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August 2007 - Terra Infirma

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31 August 2007

So just what is waste?

The home page on the Terra Infirma website proclaims "waste is a verb, not a noun". This was a little catchphrase I dreamt up while facilitating Industrial Symbiosis brainstorming sessions. My intention was to get across the idea that most waste has an intrinsic value, but that we choose to waste it.

Unfortunately, out in the real world where environmental legislation applies, this is not the case. Legally, 'waste' is anything a company 'discards or intends to discard'. Once it is designated 'waste', it will not stop being waste until it becomes part of a new product (but not an intermediate). This means that if you make plastic products and you want to buy some clean, pelletised recycled plastic to use as a raw material, you will need a waste management licence.

Even the builders of the 'Brighton Earthship' building, made out of scrap tyres rammed with earth, had to get special permission from the Environment Agency, otherwise the building would be an illegal landfill...

The huge barrier that this puts in the way of recycling has been recognised. The Waste Protocols Project (WPP), run jointly by the Environment Agency and the Waste and Resources Action Programme (WRAP), is developing standards for recovered product. If material meets the standard then it will no longer be waste and can be traded without further restriction.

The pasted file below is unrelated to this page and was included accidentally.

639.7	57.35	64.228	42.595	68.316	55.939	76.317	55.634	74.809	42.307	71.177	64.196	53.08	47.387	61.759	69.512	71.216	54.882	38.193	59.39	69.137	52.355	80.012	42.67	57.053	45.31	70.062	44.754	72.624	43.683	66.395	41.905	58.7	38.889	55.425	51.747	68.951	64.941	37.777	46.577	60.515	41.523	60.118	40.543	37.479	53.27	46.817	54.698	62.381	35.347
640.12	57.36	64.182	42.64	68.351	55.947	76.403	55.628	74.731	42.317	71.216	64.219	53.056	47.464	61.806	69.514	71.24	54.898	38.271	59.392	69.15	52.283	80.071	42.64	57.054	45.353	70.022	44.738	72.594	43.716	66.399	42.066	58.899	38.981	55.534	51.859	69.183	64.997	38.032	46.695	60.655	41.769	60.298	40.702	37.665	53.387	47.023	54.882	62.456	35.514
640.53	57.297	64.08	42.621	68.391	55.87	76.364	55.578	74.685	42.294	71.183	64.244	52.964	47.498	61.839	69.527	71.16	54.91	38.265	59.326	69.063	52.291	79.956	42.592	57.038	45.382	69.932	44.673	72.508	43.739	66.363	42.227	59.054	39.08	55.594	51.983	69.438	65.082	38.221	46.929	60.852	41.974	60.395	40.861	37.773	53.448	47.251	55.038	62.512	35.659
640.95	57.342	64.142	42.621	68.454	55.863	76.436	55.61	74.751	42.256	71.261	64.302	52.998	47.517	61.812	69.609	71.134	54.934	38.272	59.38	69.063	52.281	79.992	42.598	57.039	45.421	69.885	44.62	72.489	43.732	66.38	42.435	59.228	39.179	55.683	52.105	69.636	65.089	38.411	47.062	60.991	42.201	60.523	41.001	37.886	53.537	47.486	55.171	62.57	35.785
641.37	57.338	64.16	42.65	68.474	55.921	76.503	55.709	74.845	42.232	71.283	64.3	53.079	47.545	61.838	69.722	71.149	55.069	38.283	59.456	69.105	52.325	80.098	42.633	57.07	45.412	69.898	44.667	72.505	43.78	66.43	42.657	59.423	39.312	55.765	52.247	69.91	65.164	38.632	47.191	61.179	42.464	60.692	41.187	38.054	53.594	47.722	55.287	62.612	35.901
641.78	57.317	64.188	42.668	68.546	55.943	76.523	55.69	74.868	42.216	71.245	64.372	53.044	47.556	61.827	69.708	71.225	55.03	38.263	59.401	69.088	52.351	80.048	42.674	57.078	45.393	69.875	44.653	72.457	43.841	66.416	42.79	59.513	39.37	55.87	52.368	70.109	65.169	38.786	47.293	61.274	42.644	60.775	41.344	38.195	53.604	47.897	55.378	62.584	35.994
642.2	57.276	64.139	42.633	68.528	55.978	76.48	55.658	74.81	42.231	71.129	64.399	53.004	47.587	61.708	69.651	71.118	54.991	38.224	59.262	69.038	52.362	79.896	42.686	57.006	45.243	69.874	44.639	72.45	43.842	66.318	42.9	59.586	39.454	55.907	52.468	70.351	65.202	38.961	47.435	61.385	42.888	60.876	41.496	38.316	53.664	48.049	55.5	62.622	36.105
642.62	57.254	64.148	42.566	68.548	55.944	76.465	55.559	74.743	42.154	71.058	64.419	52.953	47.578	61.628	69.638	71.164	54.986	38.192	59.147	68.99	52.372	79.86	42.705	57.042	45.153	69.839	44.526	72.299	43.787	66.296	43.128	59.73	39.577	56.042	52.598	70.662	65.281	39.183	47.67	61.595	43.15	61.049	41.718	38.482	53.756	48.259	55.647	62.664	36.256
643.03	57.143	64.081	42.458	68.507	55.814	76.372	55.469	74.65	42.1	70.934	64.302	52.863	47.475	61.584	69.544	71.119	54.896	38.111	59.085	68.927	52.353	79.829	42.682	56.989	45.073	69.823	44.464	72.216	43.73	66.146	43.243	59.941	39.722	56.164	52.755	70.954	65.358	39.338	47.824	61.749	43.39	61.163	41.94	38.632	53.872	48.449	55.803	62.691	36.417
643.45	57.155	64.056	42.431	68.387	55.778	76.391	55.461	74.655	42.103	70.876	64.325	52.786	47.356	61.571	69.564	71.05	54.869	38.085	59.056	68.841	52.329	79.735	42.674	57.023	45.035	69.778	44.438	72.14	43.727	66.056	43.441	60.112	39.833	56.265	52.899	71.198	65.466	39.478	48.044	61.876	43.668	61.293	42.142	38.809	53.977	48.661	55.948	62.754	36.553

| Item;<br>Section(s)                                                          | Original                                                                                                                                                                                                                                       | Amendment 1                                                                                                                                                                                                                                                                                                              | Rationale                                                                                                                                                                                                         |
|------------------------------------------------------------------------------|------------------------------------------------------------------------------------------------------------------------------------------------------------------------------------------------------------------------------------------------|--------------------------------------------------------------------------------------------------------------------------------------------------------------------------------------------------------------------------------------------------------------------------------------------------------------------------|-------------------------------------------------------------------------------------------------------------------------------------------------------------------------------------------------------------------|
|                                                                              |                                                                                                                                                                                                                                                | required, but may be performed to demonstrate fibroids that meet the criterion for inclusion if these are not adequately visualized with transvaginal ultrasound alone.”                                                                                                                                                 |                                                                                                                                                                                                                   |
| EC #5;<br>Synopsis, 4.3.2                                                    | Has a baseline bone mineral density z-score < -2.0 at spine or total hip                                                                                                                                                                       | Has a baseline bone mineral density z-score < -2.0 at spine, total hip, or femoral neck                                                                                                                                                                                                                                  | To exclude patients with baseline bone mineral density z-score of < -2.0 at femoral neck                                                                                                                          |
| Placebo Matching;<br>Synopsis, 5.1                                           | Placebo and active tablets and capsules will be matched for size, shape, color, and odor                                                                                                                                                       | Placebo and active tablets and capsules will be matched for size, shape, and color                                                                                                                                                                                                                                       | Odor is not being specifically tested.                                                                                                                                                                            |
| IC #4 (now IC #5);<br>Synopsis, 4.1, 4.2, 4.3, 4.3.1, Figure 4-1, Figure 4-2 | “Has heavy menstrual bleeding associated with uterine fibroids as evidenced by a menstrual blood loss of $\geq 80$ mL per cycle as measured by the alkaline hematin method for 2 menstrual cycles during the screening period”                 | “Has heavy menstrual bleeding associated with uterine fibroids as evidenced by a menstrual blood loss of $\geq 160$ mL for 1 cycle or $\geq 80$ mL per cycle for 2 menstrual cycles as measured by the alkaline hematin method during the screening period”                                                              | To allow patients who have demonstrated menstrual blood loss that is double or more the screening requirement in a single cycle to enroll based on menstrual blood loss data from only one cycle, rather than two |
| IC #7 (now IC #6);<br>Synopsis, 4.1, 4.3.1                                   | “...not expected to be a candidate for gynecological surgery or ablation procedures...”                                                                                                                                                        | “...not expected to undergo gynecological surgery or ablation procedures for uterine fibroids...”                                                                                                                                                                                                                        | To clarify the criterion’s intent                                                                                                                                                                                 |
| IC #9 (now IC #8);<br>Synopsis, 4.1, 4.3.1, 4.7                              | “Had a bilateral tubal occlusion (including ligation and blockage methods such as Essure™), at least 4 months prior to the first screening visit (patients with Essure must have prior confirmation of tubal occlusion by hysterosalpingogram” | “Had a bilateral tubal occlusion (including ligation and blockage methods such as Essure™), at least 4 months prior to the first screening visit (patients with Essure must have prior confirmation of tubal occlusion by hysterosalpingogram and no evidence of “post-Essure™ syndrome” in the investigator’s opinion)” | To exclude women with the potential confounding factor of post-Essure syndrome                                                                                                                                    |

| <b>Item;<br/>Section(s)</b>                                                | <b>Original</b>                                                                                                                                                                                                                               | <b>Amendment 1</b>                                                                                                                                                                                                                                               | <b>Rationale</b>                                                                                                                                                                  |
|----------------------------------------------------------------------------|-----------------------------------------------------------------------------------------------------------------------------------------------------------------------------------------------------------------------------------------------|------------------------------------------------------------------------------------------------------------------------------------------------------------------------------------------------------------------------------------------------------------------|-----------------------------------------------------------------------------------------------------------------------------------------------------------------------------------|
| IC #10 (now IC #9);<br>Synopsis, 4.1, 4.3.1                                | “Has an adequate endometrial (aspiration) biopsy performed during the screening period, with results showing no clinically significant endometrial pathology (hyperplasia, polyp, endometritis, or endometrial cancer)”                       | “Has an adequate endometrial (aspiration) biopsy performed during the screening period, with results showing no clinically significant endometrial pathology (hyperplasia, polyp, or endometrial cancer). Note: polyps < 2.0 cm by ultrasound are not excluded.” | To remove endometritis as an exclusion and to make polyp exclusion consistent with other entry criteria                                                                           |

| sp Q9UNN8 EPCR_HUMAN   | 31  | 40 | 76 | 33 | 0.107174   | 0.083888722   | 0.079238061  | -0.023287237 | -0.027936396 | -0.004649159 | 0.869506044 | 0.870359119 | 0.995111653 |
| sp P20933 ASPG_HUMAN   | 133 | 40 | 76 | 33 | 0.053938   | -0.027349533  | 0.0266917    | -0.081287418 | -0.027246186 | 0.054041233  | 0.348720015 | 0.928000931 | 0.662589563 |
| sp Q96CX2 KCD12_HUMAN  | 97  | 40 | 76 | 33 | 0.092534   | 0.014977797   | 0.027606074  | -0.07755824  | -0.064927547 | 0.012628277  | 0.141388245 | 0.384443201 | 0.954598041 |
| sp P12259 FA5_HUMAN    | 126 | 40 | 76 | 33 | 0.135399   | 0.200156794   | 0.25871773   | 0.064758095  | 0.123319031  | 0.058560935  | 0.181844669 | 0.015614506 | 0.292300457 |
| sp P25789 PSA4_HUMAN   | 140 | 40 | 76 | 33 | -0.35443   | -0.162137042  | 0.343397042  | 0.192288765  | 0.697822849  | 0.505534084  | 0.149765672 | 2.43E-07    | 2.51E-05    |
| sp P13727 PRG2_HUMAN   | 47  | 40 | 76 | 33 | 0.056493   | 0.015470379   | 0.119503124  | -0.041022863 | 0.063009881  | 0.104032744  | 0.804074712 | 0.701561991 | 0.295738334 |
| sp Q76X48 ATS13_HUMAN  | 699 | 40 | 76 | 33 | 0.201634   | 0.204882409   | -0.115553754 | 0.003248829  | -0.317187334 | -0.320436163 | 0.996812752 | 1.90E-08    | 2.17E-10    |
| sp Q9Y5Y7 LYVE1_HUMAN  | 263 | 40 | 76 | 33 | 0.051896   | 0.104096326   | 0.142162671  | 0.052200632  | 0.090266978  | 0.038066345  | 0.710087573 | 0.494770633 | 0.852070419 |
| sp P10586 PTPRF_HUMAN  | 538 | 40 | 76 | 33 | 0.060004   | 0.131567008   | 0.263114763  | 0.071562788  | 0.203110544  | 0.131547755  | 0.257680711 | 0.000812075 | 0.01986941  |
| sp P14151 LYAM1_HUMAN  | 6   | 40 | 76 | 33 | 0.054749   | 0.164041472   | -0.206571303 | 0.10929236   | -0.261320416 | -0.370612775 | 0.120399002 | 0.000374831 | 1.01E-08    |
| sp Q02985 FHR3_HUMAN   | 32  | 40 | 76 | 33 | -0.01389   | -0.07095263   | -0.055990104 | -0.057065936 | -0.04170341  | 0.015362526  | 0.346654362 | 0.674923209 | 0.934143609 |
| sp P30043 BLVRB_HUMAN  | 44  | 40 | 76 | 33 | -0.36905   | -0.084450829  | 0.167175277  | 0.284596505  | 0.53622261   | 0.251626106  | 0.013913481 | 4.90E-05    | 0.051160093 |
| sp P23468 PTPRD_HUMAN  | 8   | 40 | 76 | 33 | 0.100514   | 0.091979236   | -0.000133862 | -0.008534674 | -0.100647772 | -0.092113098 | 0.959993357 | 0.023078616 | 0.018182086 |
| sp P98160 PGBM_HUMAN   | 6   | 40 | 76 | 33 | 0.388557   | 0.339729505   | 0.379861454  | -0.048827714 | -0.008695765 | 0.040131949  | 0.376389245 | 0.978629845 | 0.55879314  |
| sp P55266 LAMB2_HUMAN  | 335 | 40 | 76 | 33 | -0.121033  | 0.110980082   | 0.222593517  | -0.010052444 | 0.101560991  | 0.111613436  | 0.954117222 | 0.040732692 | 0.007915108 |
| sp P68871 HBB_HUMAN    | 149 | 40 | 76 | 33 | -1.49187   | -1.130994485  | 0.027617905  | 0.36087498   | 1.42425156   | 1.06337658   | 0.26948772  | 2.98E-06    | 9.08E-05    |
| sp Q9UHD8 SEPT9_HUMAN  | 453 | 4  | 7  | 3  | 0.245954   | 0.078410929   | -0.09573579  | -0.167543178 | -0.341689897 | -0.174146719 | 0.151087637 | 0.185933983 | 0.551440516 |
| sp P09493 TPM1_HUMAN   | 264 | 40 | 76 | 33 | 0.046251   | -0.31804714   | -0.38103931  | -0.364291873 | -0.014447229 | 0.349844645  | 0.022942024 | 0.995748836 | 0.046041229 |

In my opinion this process needs urgent accelerating if we are genuine about treating waste as a resource.

5pm Update: I've just heard via edie that Blast Furnace Slag (BFS) will no longer will classed as a waste but a by product. Three million tonnes of this material is produced annually in the UK and it can be used in all sorts of construction products. Very good news indeed.

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29 August 2007

The Winds of Change...

When watching footage of this month's Climate Camp, I couldn't help thinking it could be the mid-nineties all over again with the dreadlocked hordes descending upon a perceived environmental criminal armed only with some scaffolding poles, handcuffs and a vegan cookbook. Back then it was the roads, now it’s the skies.

The outcomes of such direct action are never immediate. Whether the topic is the environment, world poverty or war, protesters tend to lose the battle, but win the war. The bypass protesters of the 1990s undoubtedly changed Government road building policies forever, third world debt is being taken seriously to a greater or lesser extent, and I doubt the UK will be standing side by side with the US if they attack Iran. So what effect will the Climate Camp have?